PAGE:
Tip: Perform a cable modem swap and repeat the test to reduce the possibility that the latency issue is being caused by your cable modem. I say “reduce” instead of “eliminate” because I’ve swapped cable modems, only to find that my brand new cable modem was also faulty.
Hops 4, 6, 7: Notice that these hops show latency for 2 or 3 different IP addresses. This is very common and happens when traffic can travel multiple redundant paths to the same destination.
Hop 8 is the remote host. It is NOT unusual for the remote host to block ping replies, so do not be surprised if the last hop(s) show no response (* * *).
TIP: If I want to determine who an IP address belongs to, I perform an IP WHOIS lookup on the ARIN website (https://www.arin.net/). The results will tell me who is responsible for that IP address (e.g. my ISP, “Amazon”, “Google”, etc. If the result mentions another IP registry, repeat the lookup on their website. e.g. RIPE (https://www.ripe.net/), APNIC (https://www.apnic.net/), etc.
This free tool performs a continuous traceroute. I usually reach for this tool instead of traceroute because of its speed and because of its continuous nature.
Here is an example of output from MTR after 30 seconds. Because MTR requires special permissions, I had to type “sudo mtr 18.104.22.168” in my Mac Terminal. I stopped MTR by pressing CTRL+C.
Observations from MTR output:
Overall, this output is nearly identical to the traceroute output. See traceroute observations above.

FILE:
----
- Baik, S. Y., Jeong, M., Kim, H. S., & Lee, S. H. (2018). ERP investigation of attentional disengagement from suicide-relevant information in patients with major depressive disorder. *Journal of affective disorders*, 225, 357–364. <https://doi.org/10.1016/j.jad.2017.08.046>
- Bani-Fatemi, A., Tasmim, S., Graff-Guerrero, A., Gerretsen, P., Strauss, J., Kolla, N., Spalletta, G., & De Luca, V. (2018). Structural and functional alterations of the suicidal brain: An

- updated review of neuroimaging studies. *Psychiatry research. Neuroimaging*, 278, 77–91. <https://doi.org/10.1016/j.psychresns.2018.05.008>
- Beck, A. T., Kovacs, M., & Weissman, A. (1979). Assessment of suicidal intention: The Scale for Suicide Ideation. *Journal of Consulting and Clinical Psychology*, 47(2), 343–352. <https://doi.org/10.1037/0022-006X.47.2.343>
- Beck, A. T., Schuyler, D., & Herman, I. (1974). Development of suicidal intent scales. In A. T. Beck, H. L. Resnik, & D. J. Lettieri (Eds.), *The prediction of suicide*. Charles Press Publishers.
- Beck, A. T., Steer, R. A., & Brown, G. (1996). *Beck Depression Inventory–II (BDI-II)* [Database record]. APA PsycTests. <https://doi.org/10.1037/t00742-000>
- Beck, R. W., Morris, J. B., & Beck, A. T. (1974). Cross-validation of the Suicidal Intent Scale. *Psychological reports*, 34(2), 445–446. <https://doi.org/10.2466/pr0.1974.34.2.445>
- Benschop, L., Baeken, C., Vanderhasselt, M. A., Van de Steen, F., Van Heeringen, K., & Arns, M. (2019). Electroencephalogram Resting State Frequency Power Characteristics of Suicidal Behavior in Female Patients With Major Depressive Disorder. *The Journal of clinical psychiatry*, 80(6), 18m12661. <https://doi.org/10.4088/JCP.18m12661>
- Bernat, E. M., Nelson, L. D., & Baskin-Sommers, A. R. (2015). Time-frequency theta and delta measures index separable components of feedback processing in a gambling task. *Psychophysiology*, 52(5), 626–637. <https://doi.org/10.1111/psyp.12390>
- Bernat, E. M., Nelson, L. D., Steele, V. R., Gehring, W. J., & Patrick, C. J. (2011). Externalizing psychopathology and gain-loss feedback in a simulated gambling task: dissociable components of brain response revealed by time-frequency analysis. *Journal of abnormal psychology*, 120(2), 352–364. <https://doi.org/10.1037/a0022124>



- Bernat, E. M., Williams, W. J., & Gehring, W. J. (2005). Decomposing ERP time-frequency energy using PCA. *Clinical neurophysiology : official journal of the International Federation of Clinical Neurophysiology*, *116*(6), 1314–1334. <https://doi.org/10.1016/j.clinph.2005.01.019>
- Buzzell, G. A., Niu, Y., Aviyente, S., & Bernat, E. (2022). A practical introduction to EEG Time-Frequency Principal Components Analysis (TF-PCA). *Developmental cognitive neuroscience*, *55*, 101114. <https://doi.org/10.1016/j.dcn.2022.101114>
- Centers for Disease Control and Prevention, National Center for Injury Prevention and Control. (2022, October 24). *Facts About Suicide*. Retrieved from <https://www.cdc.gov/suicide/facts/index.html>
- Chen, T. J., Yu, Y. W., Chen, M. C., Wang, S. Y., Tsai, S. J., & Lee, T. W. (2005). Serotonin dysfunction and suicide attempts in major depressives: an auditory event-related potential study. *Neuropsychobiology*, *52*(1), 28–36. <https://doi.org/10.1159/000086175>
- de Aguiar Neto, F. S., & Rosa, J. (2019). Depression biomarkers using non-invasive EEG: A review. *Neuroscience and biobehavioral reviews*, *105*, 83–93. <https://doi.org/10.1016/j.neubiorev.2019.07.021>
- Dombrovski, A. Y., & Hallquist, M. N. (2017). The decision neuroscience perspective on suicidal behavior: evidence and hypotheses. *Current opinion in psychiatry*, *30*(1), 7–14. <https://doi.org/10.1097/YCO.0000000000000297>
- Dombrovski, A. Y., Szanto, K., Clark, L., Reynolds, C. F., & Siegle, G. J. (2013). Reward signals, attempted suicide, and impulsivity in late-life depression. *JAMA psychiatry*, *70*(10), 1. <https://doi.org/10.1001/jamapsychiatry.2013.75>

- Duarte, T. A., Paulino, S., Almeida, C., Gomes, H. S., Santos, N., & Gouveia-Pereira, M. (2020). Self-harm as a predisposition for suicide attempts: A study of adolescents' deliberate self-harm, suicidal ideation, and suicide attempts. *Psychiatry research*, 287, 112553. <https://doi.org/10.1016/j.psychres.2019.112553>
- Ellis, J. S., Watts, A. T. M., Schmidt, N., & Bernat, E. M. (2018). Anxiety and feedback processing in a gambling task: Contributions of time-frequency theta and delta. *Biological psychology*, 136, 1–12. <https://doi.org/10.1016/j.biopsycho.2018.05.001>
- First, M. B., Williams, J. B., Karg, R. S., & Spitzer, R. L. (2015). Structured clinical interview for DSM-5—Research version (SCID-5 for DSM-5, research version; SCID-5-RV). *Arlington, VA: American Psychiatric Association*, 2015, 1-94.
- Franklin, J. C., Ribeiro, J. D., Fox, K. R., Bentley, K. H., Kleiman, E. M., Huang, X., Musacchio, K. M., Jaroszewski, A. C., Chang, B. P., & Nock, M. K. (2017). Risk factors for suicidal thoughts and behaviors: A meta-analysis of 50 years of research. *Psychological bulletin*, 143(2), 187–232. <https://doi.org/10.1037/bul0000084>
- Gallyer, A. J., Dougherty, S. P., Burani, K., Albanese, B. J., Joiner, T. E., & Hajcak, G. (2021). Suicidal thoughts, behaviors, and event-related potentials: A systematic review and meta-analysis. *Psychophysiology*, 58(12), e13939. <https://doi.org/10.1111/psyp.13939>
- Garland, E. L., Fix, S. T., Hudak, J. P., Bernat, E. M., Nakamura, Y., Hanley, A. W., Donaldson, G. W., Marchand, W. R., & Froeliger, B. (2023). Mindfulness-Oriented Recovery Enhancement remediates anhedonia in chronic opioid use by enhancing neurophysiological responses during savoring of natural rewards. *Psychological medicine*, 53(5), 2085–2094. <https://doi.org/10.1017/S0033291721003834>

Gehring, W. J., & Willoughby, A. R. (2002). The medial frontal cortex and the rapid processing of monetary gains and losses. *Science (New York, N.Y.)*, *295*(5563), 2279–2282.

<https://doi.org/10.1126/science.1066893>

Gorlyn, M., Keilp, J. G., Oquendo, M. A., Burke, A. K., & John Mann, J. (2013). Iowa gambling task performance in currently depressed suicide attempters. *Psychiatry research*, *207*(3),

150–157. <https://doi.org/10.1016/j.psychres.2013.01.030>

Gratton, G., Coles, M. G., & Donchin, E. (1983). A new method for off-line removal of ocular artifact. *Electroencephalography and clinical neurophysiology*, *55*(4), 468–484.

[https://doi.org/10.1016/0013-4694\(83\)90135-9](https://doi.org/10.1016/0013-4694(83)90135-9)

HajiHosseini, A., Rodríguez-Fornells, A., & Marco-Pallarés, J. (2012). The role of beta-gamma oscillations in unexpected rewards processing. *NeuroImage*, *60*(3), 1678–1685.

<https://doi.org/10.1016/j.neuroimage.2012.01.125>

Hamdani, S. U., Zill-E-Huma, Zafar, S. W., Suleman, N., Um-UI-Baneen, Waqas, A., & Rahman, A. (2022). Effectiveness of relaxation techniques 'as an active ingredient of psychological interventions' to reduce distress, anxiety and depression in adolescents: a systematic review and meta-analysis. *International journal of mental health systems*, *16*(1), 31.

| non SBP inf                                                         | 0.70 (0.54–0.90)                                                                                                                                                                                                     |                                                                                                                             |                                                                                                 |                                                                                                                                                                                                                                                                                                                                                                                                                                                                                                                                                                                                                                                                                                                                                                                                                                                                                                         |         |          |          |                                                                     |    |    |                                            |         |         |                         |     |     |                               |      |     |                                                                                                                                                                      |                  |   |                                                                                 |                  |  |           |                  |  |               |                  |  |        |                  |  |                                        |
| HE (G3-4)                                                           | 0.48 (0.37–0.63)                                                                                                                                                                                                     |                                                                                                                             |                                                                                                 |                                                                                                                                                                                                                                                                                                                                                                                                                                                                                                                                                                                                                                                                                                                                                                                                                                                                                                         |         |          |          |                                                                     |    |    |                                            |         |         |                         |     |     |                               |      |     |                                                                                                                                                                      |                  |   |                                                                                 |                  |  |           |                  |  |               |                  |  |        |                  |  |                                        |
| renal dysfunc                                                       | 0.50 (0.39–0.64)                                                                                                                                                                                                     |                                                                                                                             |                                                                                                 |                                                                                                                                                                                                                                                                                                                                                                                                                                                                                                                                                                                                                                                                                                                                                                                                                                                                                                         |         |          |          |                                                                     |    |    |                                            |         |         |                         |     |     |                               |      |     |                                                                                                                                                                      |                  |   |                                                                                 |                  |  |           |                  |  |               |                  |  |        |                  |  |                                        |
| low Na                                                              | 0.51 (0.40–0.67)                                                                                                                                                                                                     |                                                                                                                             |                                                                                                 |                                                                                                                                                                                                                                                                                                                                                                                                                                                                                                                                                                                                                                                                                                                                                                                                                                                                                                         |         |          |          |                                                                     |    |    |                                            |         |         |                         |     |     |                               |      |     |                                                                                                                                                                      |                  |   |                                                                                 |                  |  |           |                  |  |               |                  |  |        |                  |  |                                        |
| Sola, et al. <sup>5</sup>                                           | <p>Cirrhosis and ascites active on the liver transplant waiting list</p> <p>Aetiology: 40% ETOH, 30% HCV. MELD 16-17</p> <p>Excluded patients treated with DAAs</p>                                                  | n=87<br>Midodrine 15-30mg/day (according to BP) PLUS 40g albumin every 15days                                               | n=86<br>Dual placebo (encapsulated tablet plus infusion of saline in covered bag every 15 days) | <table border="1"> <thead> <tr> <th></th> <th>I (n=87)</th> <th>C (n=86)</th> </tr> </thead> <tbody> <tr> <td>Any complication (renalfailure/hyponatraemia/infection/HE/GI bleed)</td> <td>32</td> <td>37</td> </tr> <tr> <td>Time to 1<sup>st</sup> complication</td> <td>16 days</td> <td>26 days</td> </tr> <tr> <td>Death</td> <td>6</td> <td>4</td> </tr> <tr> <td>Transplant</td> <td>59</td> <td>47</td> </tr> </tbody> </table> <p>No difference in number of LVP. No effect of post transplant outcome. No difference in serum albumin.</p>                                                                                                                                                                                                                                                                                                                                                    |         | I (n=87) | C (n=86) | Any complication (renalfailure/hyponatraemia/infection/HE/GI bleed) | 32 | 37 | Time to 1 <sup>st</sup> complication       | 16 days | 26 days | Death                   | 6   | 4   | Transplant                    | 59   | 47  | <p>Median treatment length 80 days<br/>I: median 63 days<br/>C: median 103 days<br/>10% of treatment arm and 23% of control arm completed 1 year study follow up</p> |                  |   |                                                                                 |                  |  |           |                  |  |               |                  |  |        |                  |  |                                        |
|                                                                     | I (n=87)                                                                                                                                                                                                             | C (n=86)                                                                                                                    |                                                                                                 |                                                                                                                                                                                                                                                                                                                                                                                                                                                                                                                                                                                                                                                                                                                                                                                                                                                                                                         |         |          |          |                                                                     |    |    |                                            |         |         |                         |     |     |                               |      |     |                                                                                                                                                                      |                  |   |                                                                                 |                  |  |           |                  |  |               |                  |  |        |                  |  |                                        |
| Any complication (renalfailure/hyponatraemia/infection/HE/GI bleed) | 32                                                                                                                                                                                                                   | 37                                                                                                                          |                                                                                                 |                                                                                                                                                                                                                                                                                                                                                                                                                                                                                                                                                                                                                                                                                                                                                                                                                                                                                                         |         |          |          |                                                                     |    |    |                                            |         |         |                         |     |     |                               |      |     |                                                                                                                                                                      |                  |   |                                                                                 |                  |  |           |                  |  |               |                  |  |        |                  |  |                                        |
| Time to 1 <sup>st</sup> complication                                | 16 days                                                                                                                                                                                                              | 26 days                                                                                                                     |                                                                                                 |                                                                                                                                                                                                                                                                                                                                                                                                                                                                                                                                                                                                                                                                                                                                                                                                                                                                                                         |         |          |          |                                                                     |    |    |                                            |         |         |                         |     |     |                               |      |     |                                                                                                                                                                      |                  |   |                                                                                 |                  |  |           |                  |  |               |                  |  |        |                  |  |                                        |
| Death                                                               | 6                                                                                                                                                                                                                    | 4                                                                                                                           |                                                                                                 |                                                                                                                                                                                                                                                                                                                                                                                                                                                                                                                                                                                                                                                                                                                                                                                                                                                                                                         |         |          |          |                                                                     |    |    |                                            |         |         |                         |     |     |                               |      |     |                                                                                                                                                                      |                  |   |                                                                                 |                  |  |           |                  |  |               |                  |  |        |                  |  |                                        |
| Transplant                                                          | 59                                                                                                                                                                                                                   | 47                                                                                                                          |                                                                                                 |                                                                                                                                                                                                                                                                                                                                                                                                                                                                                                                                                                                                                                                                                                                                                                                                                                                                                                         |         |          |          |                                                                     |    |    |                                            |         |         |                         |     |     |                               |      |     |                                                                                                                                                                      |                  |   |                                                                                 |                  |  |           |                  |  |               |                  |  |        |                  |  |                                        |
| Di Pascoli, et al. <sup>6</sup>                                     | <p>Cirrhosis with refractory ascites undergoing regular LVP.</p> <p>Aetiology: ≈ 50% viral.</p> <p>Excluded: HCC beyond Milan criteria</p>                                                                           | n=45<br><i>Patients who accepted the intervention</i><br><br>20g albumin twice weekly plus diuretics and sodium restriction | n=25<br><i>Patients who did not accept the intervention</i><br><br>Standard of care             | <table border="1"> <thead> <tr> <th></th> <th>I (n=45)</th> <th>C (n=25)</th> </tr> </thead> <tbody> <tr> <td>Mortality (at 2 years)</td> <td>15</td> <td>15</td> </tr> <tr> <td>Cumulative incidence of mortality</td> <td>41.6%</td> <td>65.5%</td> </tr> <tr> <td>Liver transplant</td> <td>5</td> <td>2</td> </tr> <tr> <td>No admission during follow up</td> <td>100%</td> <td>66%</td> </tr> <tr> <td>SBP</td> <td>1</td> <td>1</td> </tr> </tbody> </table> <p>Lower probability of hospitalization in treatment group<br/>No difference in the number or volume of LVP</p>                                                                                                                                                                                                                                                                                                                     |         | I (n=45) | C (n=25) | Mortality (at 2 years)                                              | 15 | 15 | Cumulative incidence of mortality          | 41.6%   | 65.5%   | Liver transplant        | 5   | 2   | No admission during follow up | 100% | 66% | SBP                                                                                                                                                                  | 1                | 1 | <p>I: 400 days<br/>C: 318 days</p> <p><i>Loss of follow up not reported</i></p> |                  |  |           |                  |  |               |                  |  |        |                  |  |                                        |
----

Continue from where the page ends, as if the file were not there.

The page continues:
Because I did not skip name resolution, I can see that Hop 6 belongs to Equinix, likely in Chicago (chi). I can also see that my final hop (22.214.171.124) has a vanity reverse name of “one.one.one.one”.
I can identify the cause of most Internet performance problems using some combination of Ping and Traceroute (or MTR), but it can be helpful to perform bandwidth tests. For example, I used a bandwidth speed test to confirm that my service was only upgraded to 500 Mbps when I upgraded to a Gigabit plan. The ISP was able to find/resolve the issue right away.
Your ISP Speed Test — I like to use these test results when working with my ISP to troubleshoot speed issues. If these results are significantly better than one of the other speed tests, I’ll share both results with my ISP.
If you need to measure the available bandwidth between two Linux hosts, consider using “iperf”. You must be able to install the tool on both hosts.
Thanks for Reading!
I intend to update this article with example outputs when my Internet connection is having issues or some point between my Internet provider and another network is having issues.
Did you find this helpful? Let me know by sending me a comment. I tend to update and maintain posts more frequently if I know others find them helpful. Thanks for visiting!